John Yoo, a brilliant lawyer, played an important role in writing major aspects of the administration’s legal policies respecting detentions and surveillance. So, not surprisingly, he has been under attack for several years now. Today’s Washington Post has an article in which the first paragraph states:
“John Yoo knows the epithets of the libertarians, the liberals and the lefties. Widely considered the intellectual architect of the most dramatic assertion of White House power since the Nixon era, he has seen constitutional scholars skewer his reasoning and students call for his ouster from the University of California at Berkeley.”
I reject completely the claim that the Bush administration has pursued “the most dramatic assertion of White House power since the Nixon era.” The fact is the Clinton administration asserted more power than either the Bush or Nixon administrations. Despite the Supreme Court’s precedent in United States v. Nixon, compelling President Nixon to turn over evidence relevant to a criminal investigation (including the tapes), Clinton threw up phony roadblock after phony roadblock claiming presidential authority to obstruct the Starr investigation, all of which ultimately failed. He claimed attorney-client privilege (even where he improperly used government lawyers to work on his private legal matters); executive privilege (again, to prevent prosecutors from gaining access to information surrounding his private activities); and Secret Service protective function privilege (a concoction of the Reno Justice Department to prevent the taking of testimony from Secret Service personnel who witnessed Clinton’s wrongdoing). In each case, courts at every level shot down these unprecedented claims.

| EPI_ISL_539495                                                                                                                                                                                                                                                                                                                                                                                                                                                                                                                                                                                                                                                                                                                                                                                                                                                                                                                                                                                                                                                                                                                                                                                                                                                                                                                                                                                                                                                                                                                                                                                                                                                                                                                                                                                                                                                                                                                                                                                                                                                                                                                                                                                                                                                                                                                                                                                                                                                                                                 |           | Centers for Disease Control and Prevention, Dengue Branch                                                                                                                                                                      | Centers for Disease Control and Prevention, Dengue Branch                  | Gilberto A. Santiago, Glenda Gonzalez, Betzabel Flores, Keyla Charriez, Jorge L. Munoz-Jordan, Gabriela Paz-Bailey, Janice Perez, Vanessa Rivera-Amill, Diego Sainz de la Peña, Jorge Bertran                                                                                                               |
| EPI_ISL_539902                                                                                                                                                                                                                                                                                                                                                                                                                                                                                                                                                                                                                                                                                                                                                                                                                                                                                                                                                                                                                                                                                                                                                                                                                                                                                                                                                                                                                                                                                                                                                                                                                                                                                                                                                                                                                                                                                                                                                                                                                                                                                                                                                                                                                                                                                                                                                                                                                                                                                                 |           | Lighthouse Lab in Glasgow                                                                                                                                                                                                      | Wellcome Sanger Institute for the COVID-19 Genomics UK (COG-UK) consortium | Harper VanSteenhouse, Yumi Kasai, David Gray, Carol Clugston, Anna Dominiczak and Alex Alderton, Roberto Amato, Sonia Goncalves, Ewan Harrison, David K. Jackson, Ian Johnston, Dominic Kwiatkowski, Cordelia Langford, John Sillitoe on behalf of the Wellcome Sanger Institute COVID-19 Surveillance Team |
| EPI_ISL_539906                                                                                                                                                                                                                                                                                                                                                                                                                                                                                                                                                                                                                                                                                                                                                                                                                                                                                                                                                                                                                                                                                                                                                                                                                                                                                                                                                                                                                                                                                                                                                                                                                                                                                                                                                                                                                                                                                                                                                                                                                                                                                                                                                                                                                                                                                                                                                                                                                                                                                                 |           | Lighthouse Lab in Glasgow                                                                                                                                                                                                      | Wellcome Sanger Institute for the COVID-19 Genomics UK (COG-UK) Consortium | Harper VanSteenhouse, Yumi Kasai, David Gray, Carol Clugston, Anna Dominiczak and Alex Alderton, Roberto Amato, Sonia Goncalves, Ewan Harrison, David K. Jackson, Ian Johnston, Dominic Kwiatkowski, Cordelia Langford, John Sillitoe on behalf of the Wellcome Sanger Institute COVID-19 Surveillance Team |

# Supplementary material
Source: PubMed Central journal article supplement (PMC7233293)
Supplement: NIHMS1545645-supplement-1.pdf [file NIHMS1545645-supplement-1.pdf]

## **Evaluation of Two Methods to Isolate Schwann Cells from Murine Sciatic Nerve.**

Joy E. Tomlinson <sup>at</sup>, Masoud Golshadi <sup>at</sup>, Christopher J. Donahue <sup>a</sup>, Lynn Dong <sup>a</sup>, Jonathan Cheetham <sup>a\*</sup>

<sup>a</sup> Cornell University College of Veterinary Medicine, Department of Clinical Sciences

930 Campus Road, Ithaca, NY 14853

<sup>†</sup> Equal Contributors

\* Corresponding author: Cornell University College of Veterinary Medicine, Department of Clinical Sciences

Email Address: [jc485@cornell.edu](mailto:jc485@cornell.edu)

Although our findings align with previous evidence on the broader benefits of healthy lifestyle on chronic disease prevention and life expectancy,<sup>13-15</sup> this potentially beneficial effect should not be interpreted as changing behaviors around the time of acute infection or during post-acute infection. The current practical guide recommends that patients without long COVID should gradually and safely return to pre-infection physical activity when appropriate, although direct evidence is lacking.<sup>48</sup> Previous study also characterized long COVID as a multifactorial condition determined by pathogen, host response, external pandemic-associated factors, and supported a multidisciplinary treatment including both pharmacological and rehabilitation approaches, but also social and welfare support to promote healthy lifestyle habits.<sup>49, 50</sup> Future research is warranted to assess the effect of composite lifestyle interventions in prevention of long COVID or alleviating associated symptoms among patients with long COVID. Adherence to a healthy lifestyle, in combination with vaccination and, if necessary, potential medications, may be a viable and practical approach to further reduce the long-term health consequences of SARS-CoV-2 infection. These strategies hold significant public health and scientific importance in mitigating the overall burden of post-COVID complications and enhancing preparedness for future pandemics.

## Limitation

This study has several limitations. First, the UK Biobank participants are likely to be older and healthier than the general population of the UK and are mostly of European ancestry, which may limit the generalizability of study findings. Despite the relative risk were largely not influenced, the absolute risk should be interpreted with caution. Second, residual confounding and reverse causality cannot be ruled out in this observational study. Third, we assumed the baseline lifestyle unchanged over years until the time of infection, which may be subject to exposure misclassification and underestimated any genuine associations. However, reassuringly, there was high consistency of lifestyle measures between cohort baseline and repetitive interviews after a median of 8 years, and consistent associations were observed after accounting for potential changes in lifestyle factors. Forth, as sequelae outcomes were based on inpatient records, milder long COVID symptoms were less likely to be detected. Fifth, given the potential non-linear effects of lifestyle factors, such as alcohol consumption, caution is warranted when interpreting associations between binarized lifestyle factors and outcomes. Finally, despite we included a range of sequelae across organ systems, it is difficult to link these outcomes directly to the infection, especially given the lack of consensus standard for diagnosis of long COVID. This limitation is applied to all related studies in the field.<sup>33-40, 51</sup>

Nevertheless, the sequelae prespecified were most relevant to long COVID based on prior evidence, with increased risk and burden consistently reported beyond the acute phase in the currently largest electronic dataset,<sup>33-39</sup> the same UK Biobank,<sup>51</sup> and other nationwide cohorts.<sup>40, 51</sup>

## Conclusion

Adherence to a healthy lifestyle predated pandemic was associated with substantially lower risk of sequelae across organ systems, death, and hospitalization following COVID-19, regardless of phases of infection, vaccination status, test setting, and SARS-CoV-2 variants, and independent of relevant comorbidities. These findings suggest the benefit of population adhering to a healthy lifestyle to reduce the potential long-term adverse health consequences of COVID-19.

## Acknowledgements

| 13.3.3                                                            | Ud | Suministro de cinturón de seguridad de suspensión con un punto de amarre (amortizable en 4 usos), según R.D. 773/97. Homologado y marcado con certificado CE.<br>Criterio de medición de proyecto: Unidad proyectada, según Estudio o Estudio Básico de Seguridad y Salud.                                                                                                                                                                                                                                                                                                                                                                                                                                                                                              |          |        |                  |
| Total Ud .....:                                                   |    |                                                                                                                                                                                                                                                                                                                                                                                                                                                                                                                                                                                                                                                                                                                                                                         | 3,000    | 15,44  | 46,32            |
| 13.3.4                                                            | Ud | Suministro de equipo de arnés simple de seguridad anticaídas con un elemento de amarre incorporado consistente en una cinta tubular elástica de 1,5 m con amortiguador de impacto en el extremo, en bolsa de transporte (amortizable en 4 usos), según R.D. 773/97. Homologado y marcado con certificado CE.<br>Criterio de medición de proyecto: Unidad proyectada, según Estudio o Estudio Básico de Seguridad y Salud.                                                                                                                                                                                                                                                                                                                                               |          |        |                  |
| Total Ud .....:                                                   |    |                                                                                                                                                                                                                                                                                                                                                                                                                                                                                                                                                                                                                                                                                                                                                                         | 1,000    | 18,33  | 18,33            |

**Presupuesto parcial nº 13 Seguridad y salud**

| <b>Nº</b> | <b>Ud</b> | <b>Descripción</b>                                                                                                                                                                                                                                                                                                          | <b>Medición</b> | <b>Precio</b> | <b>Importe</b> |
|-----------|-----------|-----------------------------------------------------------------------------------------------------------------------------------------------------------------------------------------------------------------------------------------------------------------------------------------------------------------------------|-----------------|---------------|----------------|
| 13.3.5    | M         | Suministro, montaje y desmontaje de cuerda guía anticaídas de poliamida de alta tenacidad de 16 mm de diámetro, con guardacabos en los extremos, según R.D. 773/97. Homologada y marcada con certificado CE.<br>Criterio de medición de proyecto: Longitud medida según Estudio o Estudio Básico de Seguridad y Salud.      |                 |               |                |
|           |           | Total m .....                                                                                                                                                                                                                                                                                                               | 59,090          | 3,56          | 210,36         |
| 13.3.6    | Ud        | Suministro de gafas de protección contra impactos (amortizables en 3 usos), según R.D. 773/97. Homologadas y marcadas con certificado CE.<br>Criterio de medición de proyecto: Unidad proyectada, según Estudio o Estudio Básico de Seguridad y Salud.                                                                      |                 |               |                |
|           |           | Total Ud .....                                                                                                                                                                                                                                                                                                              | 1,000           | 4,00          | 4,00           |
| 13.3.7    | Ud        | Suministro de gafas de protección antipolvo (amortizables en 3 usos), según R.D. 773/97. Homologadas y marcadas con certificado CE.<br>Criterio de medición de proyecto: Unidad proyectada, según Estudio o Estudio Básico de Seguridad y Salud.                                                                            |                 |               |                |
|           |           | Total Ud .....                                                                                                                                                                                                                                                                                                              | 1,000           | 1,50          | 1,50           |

And, as we know by now, the ECHELON project has been intercepting electronic communications of every sort, gathering them into a giant database and analyzing the communications, for years, including during the Clinton administration. Clinton bypassed FISA by extending warrantless searches to include physical searches. And he used a spy satellite to gather intelligence on a white separatist compound in Oklahoma after the Oklahoma City bombing. We didn’t hear word-one about threats to civil liberties. So much for the intellectual seriousness of the sanctimonious Left.
Since December 16, when the New York Times published the first NSA story, the big media have largely ignored the actions of past presidents in extending warrantless searches via executive orders; a Supreme Court and four circuit court decisions recognizing the president’s inherent constitutional authority as commander-in-chief to order the intercepts; a FISA Court of Review decision acknowledging presidential authority; and the Constitution itself in trying to portray the Bush administration’s NSA program as unlawful. Now, it ignores the Clinton administration’s abuse of power in an attempt to paint Bush as Nixon, i.e., to raise the specter of Watergate and the imperial presidency. And you thought things would get better when Dan Rather left?
John Yoo deserves a medal. He’s a patriot.